Wednesday, September 5, 2018

Charlotte Zolotow Symposium: Illuminating Experience


The early bird registration rate for the Charlotte Zolotow Symposium expires September 15.  


Join us for a day of illuminating presentations, book discussion, breakouts, and conversation featuring Angie Thomas, Benjamin Alire Sáenz, Candace Fleming, Crescent Dragonwagon, Eric Rohmann, Javaka Steptoe, and editors Anne Hoppe and Neal Porter.

Click on the link above for a complete schedule and more information. 




Tuesday, September 4, 2018

Book of the Week: We Don't Eat Our Classmates


by Ryan T. Higgins


Published by Disney / Hyperion, 2018
40 pages
ISBN: 978-1-368-00355-1


Ages 5-8


Penelope Rex is nervous about starting school, but she’s prepared: She’s got a new backpack with ponies on it (she loves ponies--they’re delicious), and 300 tuna sandwiches packed for lunch. But she is not prepared when she walks into her classroom and discovers the other students are all children. “So she ate them. Because children are delicious.” She spits them back up after being yelled at by her teacher, but it isn’t easy to make friends after that. Everyone is afraid of her, especially as she’s prone to the occasional relapse. Discouraged, she asks Walter, the class goldfish, if he’ll be her friend. Walter’s response gives Penelope a new perspective on how it feels to be someone’s snack, paving the way to friendship with her classmates. There’s no heavy-handed lesson in this hilarious picture book but that doesn’t mean there isn’t food—or at least a snack—for thought. The humor gets an even greater boost in mixed-media illustrations showing sweet-faced Penelope in her bright pink overalls alongside a diverse cast of sometimes angry, sometimes fearful, ultimately friendly human classmates. ©2018 Cooperative Children’s Book Center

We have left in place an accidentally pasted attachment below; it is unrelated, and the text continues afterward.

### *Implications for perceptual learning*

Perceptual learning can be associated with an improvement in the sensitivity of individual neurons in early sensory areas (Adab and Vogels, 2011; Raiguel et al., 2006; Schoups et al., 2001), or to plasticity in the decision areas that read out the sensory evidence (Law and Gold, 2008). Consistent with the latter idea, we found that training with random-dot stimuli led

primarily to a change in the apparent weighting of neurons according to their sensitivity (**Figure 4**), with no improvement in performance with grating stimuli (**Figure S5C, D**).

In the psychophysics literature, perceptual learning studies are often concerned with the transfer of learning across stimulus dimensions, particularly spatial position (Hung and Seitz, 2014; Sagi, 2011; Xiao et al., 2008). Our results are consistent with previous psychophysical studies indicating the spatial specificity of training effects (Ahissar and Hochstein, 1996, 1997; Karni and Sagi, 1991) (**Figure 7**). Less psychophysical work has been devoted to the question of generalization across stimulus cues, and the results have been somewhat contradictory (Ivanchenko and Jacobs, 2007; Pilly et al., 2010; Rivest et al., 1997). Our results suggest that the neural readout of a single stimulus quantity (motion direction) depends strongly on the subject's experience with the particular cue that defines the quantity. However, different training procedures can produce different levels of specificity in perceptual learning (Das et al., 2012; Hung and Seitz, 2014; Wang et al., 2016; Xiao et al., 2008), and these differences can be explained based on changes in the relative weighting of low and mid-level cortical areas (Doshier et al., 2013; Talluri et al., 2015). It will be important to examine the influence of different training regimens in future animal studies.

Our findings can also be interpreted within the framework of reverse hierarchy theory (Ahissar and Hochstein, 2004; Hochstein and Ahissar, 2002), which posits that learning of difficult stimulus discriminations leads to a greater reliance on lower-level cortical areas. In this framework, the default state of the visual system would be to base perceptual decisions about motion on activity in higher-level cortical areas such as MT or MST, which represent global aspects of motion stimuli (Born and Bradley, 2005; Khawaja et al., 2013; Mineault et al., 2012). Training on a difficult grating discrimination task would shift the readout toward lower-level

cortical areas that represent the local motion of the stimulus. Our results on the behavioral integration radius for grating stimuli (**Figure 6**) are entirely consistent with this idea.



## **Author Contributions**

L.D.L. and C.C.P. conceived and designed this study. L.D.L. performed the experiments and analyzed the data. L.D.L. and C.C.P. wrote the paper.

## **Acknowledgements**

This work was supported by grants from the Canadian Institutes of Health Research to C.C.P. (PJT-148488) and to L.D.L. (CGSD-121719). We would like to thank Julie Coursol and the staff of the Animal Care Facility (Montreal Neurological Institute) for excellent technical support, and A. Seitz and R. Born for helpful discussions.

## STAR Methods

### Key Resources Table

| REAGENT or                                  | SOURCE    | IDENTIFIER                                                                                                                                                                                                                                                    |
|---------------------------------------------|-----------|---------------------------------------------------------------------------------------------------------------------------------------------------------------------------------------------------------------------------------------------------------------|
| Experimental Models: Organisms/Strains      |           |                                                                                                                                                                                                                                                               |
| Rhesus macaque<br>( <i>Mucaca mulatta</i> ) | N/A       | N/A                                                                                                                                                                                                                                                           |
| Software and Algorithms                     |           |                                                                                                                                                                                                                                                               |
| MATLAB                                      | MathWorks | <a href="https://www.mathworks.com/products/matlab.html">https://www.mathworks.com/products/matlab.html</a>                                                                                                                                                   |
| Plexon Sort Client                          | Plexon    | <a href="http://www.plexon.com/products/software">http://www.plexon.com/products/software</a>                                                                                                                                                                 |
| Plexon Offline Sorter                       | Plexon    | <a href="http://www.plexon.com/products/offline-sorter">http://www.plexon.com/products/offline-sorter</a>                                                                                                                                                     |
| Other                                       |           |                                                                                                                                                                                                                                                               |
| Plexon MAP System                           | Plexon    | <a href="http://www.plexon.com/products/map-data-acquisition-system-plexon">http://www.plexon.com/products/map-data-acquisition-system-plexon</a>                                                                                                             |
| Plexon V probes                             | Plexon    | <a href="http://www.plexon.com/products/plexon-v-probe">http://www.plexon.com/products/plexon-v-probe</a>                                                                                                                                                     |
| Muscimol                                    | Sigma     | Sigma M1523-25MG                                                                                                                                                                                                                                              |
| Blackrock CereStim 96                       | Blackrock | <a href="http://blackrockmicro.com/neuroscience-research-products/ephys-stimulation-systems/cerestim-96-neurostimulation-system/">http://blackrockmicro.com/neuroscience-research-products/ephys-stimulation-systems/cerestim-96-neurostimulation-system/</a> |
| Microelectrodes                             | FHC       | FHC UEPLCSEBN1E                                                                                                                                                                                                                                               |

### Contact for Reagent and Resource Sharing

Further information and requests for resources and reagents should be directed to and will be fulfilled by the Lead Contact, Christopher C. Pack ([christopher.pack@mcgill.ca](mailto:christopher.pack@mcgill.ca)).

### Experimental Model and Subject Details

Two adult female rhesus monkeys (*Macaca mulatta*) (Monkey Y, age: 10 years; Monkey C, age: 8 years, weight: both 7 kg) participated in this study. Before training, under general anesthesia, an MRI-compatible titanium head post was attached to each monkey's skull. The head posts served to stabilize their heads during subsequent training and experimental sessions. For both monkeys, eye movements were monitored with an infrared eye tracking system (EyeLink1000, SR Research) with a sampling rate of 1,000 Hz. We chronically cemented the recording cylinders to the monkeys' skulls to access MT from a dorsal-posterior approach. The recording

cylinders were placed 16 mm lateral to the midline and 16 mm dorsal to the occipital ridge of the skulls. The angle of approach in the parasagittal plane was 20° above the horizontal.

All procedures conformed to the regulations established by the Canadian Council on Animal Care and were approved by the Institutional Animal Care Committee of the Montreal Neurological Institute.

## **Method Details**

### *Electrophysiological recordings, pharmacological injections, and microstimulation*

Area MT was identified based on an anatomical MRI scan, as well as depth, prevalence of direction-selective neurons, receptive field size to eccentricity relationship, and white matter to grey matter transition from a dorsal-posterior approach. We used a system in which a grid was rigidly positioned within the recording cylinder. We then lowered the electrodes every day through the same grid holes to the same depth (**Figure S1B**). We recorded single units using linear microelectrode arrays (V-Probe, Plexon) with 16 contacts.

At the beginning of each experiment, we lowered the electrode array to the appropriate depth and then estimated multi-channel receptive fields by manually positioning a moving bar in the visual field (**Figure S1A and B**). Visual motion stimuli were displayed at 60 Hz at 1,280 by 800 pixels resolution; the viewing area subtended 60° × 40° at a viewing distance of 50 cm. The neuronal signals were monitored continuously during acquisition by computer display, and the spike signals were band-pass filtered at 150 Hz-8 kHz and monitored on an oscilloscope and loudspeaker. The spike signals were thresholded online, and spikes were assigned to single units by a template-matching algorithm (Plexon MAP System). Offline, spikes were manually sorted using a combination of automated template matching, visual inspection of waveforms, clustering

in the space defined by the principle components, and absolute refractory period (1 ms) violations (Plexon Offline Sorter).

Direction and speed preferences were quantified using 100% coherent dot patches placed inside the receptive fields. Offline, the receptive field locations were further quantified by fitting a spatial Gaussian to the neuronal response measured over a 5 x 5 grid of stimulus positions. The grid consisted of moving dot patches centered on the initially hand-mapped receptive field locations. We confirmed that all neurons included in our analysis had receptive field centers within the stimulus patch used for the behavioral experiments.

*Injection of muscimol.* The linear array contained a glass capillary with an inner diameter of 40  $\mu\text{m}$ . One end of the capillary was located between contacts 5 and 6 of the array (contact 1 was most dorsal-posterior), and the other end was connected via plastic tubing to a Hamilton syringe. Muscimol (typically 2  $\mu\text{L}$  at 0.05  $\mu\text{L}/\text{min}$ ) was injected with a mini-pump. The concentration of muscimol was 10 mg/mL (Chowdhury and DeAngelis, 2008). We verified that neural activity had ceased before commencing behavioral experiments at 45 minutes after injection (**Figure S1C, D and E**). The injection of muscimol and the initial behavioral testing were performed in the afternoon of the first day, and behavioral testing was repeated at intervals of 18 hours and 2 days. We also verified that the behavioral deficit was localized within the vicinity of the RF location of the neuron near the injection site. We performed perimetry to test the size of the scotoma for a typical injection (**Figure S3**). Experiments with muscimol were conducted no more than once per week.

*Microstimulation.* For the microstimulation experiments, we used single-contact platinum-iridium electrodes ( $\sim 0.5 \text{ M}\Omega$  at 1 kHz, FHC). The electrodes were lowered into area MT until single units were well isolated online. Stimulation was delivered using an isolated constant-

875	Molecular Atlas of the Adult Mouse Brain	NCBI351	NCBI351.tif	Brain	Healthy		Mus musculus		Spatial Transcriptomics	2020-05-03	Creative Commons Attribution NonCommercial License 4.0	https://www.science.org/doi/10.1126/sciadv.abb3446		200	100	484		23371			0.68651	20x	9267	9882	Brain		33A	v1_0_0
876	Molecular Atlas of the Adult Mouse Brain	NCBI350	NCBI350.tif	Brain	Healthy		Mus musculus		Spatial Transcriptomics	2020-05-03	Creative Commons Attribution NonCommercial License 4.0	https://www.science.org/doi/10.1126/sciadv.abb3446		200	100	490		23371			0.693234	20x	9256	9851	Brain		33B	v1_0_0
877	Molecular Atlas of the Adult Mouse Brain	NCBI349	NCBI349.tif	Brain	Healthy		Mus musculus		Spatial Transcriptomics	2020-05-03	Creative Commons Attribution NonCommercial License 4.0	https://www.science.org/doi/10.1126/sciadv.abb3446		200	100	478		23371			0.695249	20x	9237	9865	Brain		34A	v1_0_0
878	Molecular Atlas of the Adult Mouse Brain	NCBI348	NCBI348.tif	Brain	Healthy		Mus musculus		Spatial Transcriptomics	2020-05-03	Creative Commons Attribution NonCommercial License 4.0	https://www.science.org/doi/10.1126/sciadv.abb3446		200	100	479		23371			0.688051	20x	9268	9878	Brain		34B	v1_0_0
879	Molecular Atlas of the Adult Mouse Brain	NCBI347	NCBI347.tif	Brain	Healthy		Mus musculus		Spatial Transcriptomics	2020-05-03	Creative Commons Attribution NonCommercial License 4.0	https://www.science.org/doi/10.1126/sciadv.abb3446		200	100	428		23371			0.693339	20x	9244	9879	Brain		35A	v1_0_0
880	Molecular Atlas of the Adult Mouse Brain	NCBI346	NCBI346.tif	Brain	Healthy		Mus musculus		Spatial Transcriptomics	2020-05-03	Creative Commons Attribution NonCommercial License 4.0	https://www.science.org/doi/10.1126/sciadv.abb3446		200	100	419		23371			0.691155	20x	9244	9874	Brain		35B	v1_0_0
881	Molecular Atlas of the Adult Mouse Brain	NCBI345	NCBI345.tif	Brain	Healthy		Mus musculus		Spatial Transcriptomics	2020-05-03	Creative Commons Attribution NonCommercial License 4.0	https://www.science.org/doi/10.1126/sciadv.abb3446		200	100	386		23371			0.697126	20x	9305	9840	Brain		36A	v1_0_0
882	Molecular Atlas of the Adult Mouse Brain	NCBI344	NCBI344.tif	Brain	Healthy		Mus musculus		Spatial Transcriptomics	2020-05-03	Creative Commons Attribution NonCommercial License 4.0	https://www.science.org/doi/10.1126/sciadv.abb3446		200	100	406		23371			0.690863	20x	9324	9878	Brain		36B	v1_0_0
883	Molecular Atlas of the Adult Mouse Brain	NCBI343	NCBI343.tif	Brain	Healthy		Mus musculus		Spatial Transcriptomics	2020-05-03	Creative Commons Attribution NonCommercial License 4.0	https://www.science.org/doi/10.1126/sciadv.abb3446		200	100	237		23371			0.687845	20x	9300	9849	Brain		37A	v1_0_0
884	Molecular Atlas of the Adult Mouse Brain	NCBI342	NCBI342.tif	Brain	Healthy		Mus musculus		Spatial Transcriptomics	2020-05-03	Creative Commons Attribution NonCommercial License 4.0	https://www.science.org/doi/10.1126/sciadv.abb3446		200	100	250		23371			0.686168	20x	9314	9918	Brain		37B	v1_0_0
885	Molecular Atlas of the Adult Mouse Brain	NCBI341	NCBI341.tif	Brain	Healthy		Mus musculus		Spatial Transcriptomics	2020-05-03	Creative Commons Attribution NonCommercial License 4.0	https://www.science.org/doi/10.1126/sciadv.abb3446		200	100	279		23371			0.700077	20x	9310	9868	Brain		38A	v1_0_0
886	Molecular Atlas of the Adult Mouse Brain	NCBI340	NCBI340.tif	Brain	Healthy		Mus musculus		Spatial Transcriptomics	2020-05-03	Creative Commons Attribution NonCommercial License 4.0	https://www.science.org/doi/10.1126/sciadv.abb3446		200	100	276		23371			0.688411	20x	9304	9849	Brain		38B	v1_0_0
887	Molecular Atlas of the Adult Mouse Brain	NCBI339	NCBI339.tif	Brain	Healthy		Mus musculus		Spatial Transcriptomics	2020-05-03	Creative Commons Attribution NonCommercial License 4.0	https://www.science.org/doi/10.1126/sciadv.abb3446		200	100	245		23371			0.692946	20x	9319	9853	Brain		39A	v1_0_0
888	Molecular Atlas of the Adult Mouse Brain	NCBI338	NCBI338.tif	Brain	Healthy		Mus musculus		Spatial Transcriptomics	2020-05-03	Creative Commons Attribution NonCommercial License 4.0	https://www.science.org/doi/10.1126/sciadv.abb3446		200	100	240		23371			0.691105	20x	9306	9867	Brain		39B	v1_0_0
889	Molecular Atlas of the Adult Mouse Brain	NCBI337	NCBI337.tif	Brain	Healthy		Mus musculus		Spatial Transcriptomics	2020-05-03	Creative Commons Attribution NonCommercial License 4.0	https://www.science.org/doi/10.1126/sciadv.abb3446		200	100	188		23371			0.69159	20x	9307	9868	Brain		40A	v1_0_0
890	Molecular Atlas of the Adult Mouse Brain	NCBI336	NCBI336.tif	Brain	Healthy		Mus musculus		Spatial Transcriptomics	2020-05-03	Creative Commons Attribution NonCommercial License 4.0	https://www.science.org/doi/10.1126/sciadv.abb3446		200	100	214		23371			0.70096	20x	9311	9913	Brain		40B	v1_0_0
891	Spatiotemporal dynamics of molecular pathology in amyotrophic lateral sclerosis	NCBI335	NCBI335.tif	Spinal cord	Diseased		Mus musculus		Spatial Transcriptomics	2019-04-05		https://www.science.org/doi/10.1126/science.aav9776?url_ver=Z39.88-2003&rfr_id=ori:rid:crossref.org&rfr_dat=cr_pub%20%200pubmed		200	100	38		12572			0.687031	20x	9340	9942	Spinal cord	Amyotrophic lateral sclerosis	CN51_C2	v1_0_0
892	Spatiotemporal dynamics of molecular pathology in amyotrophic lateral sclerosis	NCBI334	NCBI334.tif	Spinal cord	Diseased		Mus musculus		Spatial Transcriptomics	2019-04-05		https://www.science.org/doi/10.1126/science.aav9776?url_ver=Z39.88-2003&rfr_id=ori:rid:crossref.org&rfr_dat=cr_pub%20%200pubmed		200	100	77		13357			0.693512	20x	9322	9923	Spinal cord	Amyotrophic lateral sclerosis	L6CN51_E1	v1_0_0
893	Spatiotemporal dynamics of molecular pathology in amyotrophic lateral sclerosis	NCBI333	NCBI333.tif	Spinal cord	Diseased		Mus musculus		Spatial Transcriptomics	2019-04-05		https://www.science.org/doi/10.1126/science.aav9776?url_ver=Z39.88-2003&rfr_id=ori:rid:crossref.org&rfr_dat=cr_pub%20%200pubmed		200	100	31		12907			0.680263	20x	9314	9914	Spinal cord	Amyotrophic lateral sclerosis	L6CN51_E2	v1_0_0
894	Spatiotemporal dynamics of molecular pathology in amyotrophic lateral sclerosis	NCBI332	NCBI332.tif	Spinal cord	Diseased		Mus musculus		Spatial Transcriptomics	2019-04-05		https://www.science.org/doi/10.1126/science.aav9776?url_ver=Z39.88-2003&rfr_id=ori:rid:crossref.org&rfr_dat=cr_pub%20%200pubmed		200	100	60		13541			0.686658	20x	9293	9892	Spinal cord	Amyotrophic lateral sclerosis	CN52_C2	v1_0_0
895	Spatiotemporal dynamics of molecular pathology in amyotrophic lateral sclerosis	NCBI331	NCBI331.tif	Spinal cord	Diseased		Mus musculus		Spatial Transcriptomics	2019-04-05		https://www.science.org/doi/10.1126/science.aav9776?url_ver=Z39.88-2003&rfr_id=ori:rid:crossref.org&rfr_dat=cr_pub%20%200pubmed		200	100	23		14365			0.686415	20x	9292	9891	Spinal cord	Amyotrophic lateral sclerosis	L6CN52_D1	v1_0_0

Monday, August 27, 2018

Book of the Week: Pride



by Ibi Zoboi

Published by Balzer + Bray, 2018
304 pages
ISBN: 978-0-06-256404-7

Age 12 and older